This Week in Security
July 13 2022
"The 1B Data Leak, TrickBot Gang Shift and Cyber Espionage"
Your editor for this issue of This Week in Security is Lior Rotkovitch.
Every now and then there is a major data leak. Those data leaks are ever increasing in size and the new record, according to security news sites, belongs to China with 1 billion peoples' data leaked.
Reading the news, it feels like a full scale battle is underway where everyone attacks anything that can be attacked.
It also seems that all known attack vectors are fully implemented against new technologies. A recent example is the NFT market phishing attack.
But as always not all hope is lost and there are always people who will fight cyber-attacks. So, we will keep on fixing the damage, restoring the configurations, and patching our systems over and over because this is what security personnel do; this is the job, and we enjoy being the protector. Until next time, stay safe!
“Whether the first six months of 2022 have felt interminable or fleeting—or both—massive hacks, data breaches, digital scams, and ransomware attacks continued apace throughout the first half of this complicated year.”
“The malware, dubbed Orbit, is unlike other Linux threats in that it steals information from different commands and utilities and then stores them in specific files on the machine, researchers from security automation firm Intezer discovered. In fact, the malware’s name comes from one of the filenames it to temporarily store the output of executed commands.”
“The malware implements advanced evasion techniques and gains persistence on the machine by hooking key functions, provides the threat actors with remote access capabilities over SSH, harvests credentials, and logs TTY commands.”
“The latest investigation indicated that a Chinese state-sponsored cyber espionage group launched a “cluster” of phishing emails to deliver remote access Trojan (RAT) malware, most commonly Bisonal, against Russian targets in recent weeks.”
“Believes that these documents were built with the Royal Road builder and dropped the Bisonal backdoor, both of which are strongly associated with Chinese APT groups: Royal Road is a malicious document builder used widely by such groups, while Bisonal is a backdoor RAT unique to Chinese threat actors.”
“The report comes from the publication The Block, which said on March 23rd hackers took control of private keys tied to four validator nodes. Those nodes, according to the report, belong to the Ronin Network – which Axie runs on. The second node belongs to the Axie DAO – a decentralized organization that supports the game’s ecosystem.”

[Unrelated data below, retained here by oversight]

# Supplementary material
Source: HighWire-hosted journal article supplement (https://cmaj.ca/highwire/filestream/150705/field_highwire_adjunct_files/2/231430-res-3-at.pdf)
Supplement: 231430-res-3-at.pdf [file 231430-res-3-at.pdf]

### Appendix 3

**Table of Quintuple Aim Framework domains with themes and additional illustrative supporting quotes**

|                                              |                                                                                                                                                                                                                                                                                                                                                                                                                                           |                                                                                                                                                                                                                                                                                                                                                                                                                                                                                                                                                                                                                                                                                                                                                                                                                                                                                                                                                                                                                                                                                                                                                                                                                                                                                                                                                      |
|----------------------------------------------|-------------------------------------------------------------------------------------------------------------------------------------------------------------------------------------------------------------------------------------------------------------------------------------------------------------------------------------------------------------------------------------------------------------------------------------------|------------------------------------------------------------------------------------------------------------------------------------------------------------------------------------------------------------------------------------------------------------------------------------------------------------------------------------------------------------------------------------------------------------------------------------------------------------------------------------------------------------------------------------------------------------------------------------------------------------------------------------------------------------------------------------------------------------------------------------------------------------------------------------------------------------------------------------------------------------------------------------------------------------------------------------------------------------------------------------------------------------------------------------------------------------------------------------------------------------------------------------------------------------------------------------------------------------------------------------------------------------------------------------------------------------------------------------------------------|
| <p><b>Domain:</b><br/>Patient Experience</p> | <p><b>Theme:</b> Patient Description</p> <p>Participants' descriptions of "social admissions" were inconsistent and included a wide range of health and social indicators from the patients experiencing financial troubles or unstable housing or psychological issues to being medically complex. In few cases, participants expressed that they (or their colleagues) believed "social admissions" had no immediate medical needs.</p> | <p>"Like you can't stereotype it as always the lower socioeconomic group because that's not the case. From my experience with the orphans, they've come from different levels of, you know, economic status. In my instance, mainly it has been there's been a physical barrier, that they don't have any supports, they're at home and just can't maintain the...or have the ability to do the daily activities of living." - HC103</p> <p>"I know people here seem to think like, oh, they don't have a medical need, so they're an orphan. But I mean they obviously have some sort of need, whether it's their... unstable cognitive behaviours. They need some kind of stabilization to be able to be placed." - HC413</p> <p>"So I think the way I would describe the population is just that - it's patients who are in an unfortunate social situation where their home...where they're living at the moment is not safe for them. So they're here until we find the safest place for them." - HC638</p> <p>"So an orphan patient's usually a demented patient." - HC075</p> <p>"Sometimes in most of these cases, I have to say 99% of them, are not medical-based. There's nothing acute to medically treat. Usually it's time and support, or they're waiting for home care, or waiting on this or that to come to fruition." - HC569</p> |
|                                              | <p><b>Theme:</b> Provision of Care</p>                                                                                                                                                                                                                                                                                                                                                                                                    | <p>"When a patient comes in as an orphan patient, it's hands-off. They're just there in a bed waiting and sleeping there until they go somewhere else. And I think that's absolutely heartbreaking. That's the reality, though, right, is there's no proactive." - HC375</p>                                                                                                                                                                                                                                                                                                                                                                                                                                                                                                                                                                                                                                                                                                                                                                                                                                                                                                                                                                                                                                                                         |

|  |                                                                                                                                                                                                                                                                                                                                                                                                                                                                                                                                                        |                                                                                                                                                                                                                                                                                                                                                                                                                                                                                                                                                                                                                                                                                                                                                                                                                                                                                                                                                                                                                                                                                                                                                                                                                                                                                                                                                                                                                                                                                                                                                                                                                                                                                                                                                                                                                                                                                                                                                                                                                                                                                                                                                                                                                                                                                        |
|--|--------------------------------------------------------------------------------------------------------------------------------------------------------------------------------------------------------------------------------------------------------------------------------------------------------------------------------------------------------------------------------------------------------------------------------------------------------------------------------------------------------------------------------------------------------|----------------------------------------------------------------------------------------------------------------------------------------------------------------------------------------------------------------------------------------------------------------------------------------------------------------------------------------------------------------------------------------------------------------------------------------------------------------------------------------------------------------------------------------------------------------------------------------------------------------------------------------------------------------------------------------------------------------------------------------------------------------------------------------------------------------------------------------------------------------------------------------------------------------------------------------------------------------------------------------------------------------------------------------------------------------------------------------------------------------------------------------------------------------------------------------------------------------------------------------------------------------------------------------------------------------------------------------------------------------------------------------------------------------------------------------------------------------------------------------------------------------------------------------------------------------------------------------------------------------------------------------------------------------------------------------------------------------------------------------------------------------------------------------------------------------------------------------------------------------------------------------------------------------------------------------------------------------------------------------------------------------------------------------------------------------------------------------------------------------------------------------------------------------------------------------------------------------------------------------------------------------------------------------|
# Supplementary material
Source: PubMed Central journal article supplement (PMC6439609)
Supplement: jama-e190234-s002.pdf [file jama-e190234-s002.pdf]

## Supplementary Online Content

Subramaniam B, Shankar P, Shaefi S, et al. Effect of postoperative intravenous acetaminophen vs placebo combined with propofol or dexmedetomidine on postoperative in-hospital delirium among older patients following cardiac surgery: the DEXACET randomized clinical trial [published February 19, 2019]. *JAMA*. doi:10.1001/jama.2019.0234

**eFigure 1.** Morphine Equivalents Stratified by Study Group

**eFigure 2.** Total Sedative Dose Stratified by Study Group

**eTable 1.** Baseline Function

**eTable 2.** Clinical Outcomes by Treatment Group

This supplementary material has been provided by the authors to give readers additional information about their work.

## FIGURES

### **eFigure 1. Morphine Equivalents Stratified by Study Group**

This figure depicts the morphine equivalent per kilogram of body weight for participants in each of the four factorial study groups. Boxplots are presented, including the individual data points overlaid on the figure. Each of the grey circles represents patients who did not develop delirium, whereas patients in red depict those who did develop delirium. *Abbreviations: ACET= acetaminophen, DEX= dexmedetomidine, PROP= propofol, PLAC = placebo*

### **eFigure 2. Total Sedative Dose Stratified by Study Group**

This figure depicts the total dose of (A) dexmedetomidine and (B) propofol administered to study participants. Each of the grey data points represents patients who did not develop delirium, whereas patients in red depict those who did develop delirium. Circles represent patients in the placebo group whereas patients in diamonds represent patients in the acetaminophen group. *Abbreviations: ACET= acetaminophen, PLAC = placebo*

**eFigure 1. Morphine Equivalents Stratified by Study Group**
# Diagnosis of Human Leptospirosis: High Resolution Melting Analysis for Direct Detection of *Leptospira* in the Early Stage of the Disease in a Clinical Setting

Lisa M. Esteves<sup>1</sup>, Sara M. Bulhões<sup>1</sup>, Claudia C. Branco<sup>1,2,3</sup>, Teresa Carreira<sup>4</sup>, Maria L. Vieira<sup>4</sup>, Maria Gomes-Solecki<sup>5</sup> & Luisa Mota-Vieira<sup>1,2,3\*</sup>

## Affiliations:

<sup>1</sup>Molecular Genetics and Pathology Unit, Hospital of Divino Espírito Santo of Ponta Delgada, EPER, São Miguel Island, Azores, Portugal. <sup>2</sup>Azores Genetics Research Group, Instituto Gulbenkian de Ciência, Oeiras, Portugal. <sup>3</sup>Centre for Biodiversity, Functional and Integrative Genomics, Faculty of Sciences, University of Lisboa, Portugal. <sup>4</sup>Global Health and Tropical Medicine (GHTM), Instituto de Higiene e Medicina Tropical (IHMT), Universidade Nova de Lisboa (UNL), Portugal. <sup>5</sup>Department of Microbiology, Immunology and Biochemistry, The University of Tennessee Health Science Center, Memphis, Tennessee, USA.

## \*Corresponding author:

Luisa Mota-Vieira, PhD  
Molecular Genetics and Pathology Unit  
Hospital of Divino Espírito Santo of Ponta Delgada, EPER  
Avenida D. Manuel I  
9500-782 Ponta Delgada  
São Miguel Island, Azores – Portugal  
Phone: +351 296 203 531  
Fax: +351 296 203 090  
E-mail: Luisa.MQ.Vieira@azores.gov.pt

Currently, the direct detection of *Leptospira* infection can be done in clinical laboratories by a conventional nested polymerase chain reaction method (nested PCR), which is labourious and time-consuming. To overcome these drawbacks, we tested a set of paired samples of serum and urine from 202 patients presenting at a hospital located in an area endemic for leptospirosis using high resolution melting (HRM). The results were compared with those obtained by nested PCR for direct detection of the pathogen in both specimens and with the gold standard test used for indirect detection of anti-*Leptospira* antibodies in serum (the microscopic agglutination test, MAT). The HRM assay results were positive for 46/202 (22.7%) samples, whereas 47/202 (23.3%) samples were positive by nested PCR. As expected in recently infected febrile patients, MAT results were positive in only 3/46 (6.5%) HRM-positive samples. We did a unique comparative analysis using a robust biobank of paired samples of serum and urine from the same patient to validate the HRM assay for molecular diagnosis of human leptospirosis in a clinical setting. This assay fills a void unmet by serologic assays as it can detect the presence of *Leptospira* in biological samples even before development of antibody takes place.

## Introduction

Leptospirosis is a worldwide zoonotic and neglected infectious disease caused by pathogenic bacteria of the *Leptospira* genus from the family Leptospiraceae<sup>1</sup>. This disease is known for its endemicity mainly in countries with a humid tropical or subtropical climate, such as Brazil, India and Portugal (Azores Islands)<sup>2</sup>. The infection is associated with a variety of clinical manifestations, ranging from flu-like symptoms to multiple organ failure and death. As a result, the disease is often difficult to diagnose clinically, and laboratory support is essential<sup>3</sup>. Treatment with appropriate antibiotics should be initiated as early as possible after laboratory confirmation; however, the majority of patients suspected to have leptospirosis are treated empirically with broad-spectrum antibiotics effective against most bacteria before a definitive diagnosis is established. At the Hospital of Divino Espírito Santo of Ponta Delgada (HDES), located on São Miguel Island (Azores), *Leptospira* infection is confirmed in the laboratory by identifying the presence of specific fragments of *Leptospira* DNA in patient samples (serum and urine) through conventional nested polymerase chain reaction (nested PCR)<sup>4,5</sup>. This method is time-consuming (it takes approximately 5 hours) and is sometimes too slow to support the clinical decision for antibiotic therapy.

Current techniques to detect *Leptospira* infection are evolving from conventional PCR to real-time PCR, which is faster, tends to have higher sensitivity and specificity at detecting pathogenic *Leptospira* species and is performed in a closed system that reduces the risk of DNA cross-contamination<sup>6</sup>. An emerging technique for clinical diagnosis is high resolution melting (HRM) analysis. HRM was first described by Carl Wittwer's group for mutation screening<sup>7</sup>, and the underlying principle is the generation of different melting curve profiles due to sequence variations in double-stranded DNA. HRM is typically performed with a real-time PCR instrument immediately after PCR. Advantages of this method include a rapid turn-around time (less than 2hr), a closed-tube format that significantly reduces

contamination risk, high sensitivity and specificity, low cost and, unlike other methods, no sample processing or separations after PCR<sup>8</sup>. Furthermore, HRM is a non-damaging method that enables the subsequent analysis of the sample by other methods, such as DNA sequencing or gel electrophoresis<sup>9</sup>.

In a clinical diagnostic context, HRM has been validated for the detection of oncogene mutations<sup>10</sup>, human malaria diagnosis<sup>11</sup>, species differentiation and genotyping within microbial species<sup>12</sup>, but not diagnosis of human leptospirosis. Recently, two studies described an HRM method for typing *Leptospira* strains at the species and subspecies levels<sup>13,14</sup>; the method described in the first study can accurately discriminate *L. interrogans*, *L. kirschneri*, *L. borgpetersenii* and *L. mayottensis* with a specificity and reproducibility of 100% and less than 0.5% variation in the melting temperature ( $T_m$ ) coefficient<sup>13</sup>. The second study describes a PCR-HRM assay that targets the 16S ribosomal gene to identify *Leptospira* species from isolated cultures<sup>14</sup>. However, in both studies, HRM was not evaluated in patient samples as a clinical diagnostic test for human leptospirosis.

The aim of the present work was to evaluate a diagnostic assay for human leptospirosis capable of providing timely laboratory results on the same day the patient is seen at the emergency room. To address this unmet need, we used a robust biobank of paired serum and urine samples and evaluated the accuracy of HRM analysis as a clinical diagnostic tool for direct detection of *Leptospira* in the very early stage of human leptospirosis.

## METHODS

"All evidence points to this attack being socially engineered, rather than a technical flaw.” The disclosure did not elaborate further. Now two anonymous sources have come forward who claim “direct knowledge of the matter” are share with reporters at The Block the unconfirmed inside story about what happened.”
“The group is believed to have orchestrated at least six phishing campaigns aimed at targets that align with Russian state interests, with the emails acting as lures for delivering malicious software such as IcedID, CobaltStrike, AnchorMail, and Meterpreter.”
"In one of the most expansive and impactful breaches of personal data of all time, attackers grabbed data of almost 1 billion Chinese citizens from a Shanghai police database and attempted to extort the department for about $200,000. The trove of data contains names, phone numbers, government ID numbers, and police reports. Researchers found that the database itself was secure, but that a management dashboard was publicly accessible from the open internet, allowing anyone with basic technical skills to grab the information without needing a password.“
"LockBit ransomware attacks are known to employ several avenues for initial infection: Exploiting publicly-exposed RDP ports, relying on phishing emails to download malicious payloads, or leveraging unpatched server flaws that allow the affiliates to gain remote access to the targeted network."
"Following this step are reconnaissance and credential theft activities, which enable the actors to move laterally across the network, establish persistence, escalate privileges, and launch the ransomware. This is also accompanied by running commands to delete backups and subvert detection by firewalls and antivirus software."
“Malware protection specialist Emsisoft has released free decryption tools for the AstraLocker and Yashma ransomware variants.
By default, the AstraLocker decryptor pre-populates locations selected for decryption from network and connected drives, but users can add other locations before initiating the decryption process.
The decryptor also defaults to leaving encrypted files in place, although users can enable automatic deletion if disk space is an issue.
“Since the ransomware does not save any information about the unencrypted files, the decryptor can’t guarantee that the decrypted data is identical to the one that was previously encrypted,” the guide warns. “
Lior Rotkovitch | Senior Security Engineer – F5 SIRT